Martin Luther King Jr. Day is observed across the nation on the third Monday of January each year, which is around the time of King’s birthday, Jan. 15.
While in past years, the college remained open and celebrated the national holiday with on-campus ceremonies, in 2008, it was decided closing the college would be more appropriate, said OCCC President Paul Sechrist.
“As an educational institution, the recognition of Martin Luther King Jr. Day is an opportunity to acknowledge our history, to learn about our history, and to move forward with an understanding of our history,” he said. “If it were just another day of classes and work I am not sure it would have the same impact.”
The holiday, which was signed into law as a Federal holiday by President Ronald Reagan in 1983, is important for a number of reasons, said Ray McCullar, history professor.
“It reminds us that African-Americans didn’t always have civil rights,” McCullar said.
“It celebrates the successes and ongoing work of the civil rights movement. For a lot of young people today, these events can seem like ancient history. It’s good to look back and see how far we’ve come.”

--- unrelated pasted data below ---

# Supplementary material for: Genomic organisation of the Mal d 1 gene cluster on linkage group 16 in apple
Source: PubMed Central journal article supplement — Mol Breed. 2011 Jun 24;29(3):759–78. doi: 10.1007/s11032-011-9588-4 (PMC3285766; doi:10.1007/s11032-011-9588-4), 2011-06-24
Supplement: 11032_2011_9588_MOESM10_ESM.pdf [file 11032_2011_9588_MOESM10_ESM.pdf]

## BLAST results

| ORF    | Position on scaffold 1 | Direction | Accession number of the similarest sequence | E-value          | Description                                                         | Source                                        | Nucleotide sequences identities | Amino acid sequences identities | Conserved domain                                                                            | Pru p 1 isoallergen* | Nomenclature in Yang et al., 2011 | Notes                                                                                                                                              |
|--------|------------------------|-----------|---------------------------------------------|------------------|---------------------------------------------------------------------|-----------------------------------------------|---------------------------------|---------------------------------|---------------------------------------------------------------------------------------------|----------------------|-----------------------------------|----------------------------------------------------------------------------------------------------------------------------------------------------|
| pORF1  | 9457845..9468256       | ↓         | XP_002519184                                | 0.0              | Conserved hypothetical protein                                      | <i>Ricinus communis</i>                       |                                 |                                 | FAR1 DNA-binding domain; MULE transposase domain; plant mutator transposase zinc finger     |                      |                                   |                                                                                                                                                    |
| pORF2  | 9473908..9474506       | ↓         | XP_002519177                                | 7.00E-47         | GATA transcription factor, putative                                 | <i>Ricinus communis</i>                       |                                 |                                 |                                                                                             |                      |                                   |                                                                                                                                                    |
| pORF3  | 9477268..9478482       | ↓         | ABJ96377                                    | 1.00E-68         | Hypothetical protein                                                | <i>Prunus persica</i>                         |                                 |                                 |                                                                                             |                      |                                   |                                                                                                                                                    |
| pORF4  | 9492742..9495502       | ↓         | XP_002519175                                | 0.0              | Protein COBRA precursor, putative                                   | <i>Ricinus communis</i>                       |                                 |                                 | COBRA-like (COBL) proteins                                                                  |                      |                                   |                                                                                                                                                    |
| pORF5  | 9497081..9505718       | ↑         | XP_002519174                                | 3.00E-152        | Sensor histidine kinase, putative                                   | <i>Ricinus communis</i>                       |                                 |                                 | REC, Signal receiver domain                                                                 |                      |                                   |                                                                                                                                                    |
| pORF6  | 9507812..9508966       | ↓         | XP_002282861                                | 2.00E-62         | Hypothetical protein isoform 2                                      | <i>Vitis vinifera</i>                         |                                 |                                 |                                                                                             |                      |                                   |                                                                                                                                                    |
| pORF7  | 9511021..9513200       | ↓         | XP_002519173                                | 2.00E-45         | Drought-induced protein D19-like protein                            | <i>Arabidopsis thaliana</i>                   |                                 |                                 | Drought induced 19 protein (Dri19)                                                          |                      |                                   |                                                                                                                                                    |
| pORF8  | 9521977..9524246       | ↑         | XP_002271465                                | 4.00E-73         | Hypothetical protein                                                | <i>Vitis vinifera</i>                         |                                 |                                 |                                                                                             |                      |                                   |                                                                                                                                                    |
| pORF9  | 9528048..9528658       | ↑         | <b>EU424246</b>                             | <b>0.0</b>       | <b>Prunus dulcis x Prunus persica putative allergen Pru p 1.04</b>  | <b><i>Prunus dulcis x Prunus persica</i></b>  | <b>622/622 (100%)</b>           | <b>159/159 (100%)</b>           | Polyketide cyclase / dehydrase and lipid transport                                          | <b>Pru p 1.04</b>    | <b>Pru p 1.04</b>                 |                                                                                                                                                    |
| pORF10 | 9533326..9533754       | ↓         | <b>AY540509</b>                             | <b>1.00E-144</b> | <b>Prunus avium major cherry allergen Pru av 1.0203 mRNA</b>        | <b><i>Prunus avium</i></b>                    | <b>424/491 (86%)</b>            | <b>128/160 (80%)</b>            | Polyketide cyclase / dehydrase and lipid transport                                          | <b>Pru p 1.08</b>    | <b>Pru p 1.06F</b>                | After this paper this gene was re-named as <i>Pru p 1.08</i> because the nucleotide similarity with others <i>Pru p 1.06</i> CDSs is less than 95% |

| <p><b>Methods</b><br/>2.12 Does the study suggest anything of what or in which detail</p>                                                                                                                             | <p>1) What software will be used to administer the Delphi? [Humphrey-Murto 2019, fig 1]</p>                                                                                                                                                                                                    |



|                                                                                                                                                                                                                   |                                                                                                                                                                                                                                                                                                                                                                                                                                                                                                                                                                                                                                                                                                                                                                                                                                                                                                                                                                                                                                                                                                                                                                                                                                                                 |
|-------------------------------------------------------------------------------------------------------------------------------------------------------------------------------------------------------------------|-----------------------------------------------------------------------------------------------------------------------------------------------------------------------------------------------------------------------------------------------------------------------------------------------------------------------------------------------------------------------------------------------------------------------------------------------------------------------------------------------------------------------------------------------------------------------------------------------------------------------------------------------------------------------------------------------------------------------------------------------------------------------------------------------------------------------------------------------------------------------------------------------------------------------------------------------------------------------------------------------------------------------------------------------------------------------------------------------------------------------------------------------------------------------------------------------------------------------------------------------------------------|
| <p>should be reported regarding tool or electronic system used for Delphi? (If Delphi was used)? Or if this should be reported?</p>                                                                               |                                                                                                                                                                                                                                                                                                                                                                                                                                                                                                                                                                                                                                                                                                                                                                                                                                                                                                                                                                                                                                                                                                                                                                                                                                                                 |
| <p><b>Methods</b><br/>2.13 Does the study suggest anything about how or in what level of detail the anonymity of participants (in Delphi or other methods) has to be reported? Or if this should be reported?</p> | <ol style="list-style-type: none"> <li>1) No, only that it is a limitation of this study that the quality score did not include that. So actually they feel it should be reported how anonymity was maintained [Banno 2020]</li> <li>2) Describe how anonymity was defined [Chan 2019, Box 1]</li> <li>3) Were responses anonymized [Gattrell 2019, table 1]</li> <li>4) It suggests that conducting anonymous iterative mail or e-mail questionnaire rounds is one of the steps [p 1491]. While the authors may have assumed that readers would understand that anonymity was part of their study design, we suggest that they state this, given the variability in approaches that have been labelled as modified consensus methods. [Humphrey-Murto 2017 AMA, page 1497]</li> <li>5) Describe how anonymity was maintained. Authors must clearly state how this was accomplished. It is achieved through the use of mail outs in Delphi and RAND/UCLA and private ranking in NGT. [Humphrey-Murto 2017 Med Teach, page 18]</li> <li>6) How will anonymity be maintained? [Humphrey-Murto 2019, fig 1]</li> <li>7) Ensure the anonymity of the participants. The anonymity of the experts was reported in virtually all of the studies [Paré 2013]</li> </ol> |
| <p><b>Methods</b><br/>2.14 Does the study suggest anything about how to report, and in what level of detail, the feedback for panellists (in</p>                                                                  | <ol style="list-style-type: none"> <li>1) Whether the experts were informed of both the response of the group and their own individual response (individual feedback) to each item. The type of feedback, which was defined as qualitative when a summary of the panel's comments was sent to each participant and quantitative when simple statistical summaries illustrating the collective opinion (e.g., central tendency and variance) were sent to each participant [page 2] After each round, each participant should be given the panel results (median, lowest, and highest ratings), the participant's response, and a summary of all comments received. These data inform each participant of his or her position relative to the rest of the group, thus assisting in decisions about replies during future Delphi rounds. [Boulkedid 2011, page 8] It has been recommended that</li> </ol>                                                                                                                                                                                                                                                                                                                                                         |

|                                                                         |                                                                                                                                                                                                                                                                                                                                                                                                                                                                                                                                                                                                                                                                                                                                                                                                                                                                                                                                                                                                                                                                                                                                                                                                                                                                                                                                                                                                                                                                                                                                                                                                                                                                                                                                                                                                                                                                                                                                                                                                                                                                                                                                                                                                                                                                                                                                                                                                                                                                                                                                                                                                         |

Martin Luther King Jr. Day serves both as a memorial to a great man who died too young and as a day to remember his work, said Ryan Campbell, pre-engineering major.
“Martin Luther King Jr. Day reminds me that because of Dr. King’s work we are in a new era in terms of racial understanding,” Campbell said.
“This is not the world Dr. King grew up in,” he said,
“Now, the general consensus among most people, no matter what race, is that we should all get along. And I think that’s his legacy.”
Reminders such as these are ever more important in light of ongoing efforts to make history politically correct, McCullar said. “People try to sanitize it, to make it less offensive,” he said.
“Many Oklahoma history books don’t mention, or touch only briefly on, the Tulsa Race Riots. And I read an article that said they were going to remove the n-word from the next edition of Huckleberry Finn.
“I understand why reading that would be offensive, but if we continue to try and clean up our history, we’ll lose sight of how great the civil rights movement really was.
“We’ll forget how great a man Dr. King was, and the strength it took to do the work he did.”